Consumer confidence in the U.S. and Europe is at its highest level since the global financial crisis.
Good news for consumer stocks? Not entirely, says BlackRock’s chief equity strategist, Kate Moore.
In BlackRock’s latest Global Equity Outlook, Moore underscores the need to shop around for exposure to consumer stocks.
“Large portions of the consumer sectors are at the forefront of major battles gripping markets: disruptive technology, new entrants upending competitive norms, and changing consumer preferences. This challenges long-held conventions and underscores the need to shop around for exposure to consumer stocks.”
According to Moore, it’s been a mixed bag for consumer stocks in 2018. She writes that consumer discretionary has outpaced the MSCI All Country World Index while staples lag year to date despite a summer rally.
The outlook for the sector is “murky,” according to Moore.
“Trade tensions and imposed and threatened tariffs loom as a potential drag on global consumption,” she writes. “U.S. staples sport some of the weakest earnings revision ratios, a measure of analyst upgrades to downgrades, globally. And consumer sectors worldwide pale relative to the broad market on this front, as earnings have faced a disruption-induced deterioration.”
Moore is watching the extent to which imposed and looming tariffs may dent consumer sentiment.
Amid these crosscurrents of still steady global growth and market-related disruptions, Moore has four pieces of advice on what to look for when shopping for consumer stocks.
1. Seek exposure to emerging market growth.
Growing emerging market populations and a rising middle class set up a favorable demand scenario for developed market consumer stocks, which were historically the most liquid way to gain exposure to the burgeoning EM consumer, according to Moore.
Yet, she adds that high-growth consumer industries are attracting new entrants — many from within EM, setting up new competition.
“Preferences evolve as consumers move up the income spectrum,” she wrote. “Growth in bigger-ticket items like autos and luxury goods has been robust. We see reason to believe sales strength can continue, but acknowledge potential drag from recent EM growth and currency weakness.”
BlackRock prefers U.S. stocks over other regions overall, but would look to Europe when it comes to staples, according to Moore.
“We observe structural challenges that are less acute than in the U.S., and find stronger growth characteristics and underlying business models,” she writes. “European staples companies also get 27% of their revenue from EMs, compared to 16% for U.S. staples, FactSet data as of August 2018 show.”
2. Focus on quality in staples.
BlackRock attributes staples’ summer outperformance to investors closing their underweight positions.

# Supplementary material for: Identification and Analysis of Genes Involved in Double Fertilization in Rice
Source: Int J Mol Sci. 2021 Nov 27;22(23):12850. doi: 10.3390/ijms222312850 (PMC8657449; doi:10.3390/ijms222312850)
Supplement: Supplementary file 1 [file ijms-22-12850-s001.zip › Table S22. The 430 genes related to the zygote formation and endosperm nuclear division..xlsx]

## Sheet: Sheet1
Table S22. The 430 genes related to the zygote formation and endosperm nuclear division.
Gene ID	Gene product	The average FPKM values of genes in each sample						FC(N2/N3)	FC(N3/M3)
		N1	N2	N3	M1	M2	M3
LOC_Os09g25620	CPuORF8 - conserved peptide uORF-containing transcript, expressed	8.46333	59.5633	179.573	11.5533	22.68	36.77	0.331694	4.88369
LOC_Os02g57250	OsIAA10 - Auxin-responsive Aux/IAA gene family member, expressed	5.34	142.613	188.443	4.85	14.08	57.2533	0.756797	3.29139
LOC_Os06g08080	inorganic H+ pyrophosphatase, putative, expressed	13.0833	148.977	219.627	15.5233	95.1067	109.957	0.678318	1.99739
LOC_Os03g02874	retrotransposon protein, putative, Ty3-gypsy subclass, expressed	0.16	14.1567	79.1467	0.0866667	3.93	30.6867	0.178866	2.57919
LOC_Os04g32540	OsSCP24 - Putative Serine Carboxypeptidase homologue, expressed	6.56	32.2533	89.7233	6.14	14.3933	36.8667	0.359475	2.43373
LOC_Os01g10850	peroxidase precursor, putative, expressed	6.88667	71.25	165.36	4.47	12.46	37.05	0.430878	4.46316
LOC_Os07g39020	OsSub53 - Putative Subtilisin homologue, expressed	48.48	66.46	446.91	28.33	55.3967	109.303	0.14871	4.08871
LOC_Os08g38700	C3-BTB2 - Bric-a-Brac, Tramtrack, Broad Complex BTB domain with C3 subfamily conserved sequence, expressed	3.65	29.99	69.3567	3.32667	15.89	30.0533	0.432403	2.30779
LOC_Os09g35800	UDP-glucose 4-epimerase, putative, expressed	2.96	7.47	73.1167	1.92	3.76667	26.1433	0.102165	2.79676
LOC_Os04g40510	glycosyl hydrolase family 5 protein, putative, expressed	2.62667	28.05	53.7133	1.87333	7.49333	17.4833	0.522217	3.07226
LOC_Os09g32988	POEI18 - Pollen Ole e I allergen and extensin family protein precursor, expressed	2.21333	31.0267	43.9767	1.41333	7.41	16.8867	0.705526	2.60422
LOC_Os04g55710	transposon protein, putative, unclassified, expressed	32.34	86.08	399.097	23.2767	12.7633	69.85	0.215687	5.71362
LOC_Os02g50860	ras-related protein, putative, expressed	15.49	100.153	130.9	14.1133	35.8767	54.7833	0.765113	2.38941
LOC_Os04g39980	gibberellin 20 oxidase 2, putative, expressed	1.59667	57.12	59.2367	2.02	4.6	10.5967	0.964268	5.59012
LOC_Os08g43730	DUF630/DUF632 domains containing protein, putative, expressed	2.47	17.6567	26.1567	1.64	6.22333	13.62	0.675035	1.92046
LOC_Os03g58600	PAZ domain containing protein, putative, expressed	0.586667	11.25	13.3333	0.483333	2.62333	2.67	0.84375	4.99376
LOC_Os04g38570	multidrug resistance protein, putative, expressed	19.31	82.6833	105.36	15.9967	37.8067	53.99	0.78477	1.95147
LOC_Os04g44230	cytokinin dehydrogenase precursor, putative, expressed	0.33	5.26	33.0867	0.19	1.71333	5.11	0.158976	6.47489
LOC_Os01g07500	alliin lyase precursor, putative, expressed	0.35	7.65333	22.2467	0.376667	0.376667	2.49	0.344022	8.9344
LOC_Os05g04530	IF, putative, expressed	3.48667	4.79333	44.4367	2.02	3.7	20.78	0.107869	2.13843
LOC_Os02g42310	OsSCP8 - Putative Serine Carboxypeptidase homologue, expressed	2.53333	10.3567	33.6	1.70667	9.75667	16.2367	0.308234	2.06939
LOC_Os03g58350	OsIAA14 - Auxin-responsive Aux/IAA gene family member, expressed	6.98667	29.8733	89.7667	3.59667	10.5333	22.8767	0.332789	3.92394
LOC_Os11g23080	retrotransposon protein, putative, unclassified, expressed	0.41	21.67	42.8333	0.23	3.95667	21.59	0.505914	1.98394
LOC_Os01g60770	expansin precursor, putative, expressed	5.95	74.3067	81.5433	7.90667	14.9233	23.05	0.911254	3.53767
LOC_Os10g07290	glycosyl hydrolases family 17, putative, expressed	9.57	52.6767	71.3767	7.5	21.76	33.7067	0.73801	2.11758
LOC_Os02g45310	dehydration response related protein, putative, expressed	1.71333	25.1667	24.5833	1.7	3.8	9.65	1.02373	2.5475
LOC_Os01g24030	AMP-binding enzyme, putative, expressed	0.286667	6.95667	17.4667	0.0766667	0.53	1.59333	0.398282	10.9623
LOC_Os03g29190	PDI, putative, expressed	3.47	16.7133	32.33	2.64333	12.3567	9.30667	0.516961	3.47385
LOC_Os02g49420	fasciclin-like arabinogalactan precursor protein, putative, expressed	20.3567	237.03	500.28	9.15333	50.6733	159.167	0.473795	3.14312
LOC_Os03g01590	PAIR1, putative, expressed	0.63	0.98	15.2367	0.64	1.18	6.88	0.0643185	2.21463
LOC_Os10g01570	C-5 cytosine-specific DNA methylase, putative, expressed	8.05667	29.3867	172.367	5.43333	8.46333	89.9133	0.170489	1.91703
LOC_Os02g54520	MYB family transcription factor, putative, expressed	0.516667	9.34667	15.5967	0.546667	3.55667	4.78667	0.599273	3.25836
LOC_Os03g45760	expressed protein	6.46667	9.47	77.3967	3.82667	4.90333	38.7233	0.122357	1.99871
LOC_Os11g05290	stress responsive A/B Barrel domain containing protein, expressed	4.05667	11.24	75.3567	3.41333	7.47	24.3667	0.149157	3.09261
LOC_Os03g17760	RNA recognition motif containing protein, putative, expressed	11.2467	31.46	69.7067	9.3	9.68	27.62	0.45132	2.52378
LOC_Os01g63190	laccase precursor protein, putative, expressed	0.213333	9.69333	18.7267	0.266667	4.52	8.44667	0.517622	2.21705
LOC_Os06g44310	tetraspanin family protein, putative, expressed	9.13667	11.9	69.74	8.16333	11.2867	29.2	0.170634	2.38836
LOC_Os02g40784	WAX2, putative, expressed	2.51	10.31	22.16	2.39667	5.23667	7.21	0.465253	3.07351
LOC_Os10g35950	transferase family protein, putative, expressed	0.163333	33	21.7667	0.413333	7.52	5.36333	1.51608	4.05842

While earnings revisions appear to have bottomed — which could provide support into year-end — staples are not necessarily “on sale,” according to Moore.
She writes that U.S. valuations are “only slightly” below their five-year average and at a modest premium to the broader market.
BlackRock finds most of the “cheap” stocks are cheap for a reason — namely, limited clarity on growth prospects and a lack of financial flexibility.
“We prefer a focus on quality and momentum versus fishing for value in challenged companies,” Moore writes.
3. Don’t completely break from “tradition.”
Traditional retail is not dead, Moore writes.
According to Moore, FactSet data shows that same-store sales growth has been trending above historical levels in major developed markets, and sales per square foot stand at record highs in the U.S.
“This points to opportunities in more traditional retail companies that have been beaten down as markets underappreciated the coming of age (and spending) among millennials and the overall health of the U.S. consumer,” she writes.
4. Expand your definition of defense.
Consumer staples companies historically have shown little dispersion across individual names, according to Moore. She explains that they share certain characteristics, such as high dividend yields, and have tended to move together. Lately, she adds that the gap between winners and losers in the sector has moved higher across the U.S., Europe and Japan.
“This tells us staples broadly cannot be relied upon as a defensive play, and that investors should be selective,” Moore writes. “We believe a good defense today is in quality companies demonstrating high profitability, sound balance sheets and strong brands.”
The key is targeting growth potential that can outrun inflation, she adds.
— Check out 6 Economic Predictions for Next 5 Years: Northern Trust on ThinkAdvisor.